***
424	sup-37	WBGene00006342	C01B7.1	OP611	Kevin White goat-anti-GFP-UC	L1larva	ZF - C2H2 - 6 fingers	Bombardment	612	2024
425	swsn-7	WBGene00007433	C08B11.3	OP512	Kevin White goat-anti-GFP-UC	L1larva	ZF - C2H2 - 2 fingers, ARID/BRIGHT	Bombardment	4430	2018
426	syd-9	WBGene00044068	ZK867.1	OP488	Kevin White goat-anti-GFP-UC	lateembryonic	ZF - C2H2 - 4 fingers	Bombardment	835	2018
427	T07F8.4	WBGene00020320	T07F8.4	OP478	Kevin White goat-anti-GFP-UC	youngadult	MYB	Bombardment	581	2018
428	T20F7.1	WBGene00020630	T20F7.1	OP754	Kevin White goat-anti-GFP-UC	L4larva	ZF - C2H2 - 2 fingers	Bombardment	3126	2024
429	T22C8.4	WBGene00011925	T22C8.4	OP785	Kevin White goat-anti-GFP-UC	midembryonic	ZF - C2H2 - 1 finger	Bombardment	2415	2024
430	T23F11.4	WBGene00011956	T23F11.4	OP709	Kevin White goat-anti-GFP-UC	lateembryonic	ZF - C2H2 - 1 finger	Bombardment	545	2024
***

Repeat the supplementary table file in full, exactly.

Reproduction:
424	sup-37	WBGene00006342	C01B7.1	OP611	Kevin White goat-anti-GFP-UC	L1larva	ZF - C2H2 - 6 fingers	Bombardment	612	2024
425	swsn-7	WBGene00007433	C08B11.3	OP512	Kevin White goat-anti-GFP-UC	L1larva	ZF - C2H2 - 2 fingers, ARID/BRIGHT	Bombardment	4430	2018
426	syd-9	WBGene00044068	ZK867.1	OP488	Kevin White goat-anti-GFP-UC	lateembryonic	ZF - C2H2 - 4 fingers	Bombardment	835	2018
427	T07F8.4	WBGene00020320	T07F8.4	OP478	Kevin White goat-anti-GFP-UC	youngadult	MYB	Bombardment	581	2018
428	T20F7.1	WBGene00020630	T20F7.1	OP754	Kevin White goat-anti-GFP-UC	L4larva	ZF - C2H2 - 2 fingers	Bombardment	3126	2024
429	T22C8.4	WBGene00011925	T22C8.4	OP785	Kevin White goat-anti-GFP-UC	midembryonic	ZF - C2H2 - 1 finger	Bombardment	2415	2024
430	T23F11.4	WBGene00011956	T23F11.4	OP709	Kevin White goat-anti-GFP-UC	lateembryonic	ZF - C2H2 - 1 finger	Bombardment	545	2024